Timothy Paul Myers in collaboration with Andrew Barnes, The Living Room, 2016, ©Timothy Paul Myers & Andrew Barnes, courtesy of Walter Maciel Gallery, Los Angeles.

Timothy Paul Myers in collaboration with Andrew Barnes, The Living Room, 2016, ©Timothy Paul Myers & Andrew Barnes, courtesy of Walter Maciel Gallery, Los Angeles.

Barry Anderson, Timothy Paul Myers, Andrew Barnes

Walter Maciel Gallery

Constructed spaces, both virtual and actual, link the works of Barry Anderson and Timothy Paul Myers (in collaboration with Andrew Barnes).

In the front galleries, Kansas City-based multimedia artist Barry Anderson presents projections, stills and monitor based works (in the front galleries) that show labyrinthine journeys through invented spaces. The camera pans, twists and turns, moving forward and back, darting left, then right down corridors and hallways, exploring every aspect of the environment. Collectively titled Fragments of Space, (all works 2016) each digital video animation pictures a different environment defined by color and/or natural reference and is identified with a bracketed subtitle: [DeepRed], [ClearRose], [BlueMoon] and [WaterLab].

Fragments of Space [WaterLab] is a three-minute, 40-second loop through a dark, maroon-toned, ambiguously reflective space filled with shallow shimmering water. The depiction alludes to the bowels of a ship or a flooded building in which treasures may be hidden. White objects appear—a Minotaur’s head and other sculpted elements—but the camera never lingers on them, creating an unresolved relationship between the moving and the static elements that exist within the digitally constructed architecture.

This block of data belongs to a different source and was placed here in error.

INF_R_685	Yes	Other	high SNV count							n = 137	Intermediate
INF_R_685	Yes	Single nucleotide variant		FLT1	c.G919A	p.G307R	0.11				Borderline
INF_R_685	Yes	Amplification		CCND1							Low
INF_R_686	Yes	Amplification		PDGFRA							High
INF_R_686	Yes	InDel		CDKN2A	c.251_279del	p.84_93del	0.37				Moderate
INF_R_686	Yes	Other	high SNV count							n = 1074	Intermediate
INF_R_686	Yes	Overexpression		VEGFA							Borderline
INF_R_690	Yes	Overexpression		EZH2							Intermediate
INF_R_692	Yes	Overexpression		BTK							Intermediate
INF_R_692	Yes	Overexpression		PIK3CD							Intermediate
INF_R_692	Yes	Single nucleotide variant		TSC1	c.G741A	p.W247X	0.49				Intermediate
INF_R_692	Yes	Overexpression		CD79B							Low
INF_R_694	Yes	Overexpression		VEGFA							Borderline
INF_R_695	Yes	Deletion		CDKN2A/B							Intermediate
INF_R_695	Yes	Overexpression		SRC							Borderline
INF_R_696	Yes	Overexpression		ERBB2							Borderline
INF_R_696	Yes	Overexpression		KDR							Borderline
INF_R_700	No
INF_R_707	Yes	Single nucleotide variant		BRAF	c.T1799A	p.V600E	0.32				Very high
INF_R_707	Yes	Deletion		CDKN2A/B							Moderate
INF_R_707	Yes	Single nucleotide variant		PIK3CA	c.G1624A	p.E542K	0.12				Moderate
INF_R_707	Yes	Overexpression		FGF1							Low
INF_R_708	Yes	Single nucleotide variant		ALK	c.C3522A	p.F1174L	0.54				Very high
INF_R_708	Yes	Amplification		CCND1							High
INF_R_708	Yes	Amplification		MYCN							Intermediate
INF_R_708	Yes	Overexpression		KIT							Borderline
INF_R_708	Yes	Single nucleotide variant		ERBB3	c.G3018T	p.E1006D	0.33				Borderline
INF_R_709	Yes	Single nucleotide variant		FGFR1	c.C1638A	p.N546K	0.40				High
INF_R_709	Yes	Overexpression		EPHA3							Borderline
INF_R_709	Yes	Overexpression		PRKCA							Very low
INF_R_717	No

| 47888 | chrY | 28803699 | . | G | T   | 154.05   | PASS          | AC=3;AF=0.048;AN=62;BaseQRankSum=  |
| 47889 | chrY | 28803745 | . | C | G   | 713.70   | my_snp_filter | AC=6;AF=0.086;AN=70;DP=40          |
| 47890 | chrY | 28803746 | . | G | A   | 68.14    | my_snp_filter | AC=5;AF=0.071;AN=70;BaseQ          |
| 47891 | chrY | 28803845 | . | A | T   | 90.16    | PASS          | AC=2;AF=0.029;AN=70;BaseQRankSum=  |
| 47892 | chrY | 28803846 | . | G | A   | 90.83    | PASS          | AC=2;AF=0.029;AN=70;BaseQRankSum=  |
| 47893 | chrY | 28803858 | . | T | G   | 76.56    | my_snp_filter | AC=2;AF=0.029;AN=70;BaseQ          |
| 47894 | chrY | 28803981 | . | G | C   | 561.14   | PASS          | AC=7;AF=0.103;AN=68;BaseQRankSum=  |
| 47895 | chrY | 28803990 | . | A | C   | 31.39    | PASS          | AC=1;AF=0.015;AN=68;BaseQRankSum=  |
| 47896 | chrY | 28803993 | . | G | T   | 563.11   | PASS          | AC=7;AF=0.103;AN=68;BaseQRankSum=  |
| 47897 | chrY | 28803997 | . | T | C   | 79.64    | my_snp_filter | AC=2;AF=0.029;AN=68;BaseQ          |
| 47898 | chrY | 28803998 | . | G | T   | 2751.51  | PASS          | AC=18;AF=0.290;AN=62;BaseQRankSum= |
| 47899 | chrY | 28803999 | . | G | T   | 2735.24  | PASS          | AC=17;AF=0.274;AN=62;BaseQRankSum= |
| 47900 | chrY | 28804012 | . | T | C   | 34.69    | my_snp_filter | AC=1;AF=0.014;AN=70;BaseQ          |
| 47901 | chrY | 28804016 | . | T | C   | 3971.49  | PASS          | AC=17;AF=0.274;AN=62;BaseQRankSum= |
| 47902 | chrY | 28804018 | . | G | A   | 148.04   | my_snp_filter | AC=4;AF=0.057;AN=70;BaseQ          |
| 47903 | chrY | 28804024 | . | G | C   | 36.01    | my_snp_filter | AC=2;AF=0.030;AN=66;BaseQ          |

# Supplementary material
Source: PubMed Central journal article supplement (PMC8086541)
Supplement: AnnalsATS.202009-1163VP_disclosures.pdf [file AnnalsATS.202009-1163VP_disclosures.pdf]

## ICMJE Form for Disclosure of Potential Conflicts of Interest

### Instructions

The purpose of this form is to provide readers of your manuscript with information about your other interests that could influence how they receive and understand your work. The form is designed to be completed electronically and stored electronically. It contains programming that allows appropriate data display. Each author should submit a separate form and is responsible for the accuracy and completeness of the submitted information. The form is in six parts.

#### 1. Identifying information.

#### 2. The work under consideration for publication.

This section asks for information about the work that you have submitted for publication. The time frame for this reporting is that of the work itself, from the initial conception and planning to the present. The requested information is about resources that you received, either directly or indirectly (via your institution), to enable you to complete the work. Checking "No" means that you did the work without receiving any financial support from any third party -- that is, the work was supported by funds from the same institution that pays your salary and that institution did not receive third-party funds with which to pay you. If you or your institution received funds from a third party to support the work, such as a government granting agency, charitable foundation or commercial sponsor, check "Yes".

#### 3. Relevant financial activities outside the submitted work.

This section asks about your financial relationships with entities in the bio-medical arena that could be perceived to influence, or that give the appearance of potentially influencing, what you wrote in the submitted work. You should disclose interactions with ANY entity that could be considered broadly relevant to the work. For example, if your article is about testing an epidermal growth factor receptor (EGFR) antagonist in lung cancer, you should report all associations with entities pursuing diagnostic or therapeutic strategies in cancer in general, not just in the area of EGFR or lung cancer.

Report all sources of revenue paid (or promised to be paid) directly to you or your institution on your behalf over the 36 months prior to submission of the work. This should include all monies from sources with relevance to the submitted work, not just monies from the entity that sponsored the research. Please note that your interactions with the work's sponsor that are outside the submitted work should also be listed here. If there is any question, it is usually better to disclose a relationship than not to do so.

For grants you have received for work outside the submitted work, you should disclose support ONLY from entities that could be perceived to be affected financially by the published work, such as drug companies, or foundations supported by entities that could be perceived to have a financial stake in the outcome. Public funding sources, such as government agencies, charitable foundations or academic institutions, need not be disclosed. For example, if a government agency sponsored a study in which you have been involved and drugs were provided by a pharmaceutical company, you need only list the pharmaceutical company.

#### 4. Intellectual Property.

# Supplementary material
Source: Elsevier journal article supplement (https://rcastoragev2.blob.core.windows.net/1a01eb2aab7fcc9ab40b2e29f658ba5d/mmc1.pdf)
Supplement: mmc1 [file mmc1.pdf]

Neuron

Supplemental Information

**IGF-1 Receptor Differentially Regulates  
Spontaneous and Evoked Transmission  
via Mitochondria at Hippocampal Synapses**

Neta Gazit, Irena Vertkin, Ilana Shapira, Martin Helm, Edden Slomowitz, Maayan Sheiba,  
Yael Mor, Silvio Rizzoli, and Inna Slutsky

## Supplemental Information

Graffiti Hall h 300x300 Barry Anderson, Timothy Paul Myers, Andrew Barnes

Barry Anderson, Graffiti Hall, 2016. ©Barry Anderson, courtesy of Walter Maciel Gallery.

Anderson juxtaposes these video animations with a suite of four black-and-white photographs that evoke more intimate and personal moments. In Lake Superior, sky melds with calm waters surrounding the back of a boy submerged almost to his neck, and in Graffiti Hall, two silhouettes are photographed exiting a concrete tunnel moving toward an illuminated natural landscape. The still images present isolated moments frozen in time, a poignant counterpoint to Anderson’s animated works that depict continuously morphing spaces from which there is no escape.

While Anderson’s work is digitally rendered and cool, Timothy Paul Myers’ The Living Room (2016), installed in the back gallery, is hand crafted, soft and tactile. Myers, who collaborates with Andrew Barnes, has meticulously created a life-sized replica of a wall in an imagined living room, complete with fireplace, reading chair, books, a hanging lamp and myriad details—flowers, vases, boxes, empty bottles, lint roller and pistachio shells—all covered in gray felt. Though Myers has stripped the room of color, presenting the facade as a monochrome, it is nonetheless bursting with energy. This stems from the huge array of flowers cascading from the fireplace and spilling out onto the area that marks the boundary of the piece. Imagining the fireplace’s soot and wooden embers transformed into blossoming flowers—a mixture of lilies, roses and sunflowers—flowing from an unseen chimney is a whimsical delight. The Living Room in many ways feels like a surreal black-and-white photograph brought to life. Two smaller works hang on an adjacent wall, and while also made from felt, their bright pink is a vivid contrast to the larger gray installation. In these pieces a small selection of what could be found on a mantel—banal items associated with home and family life—are carefully, albeit idiosyncratically arranged.

Myers’ enigmatic and obviously time-consuming installation is a beautiful complement to Anderson’s projections as both artists carefully construct imagined spaces based on careful observation, yet in reality both are places that could never exist.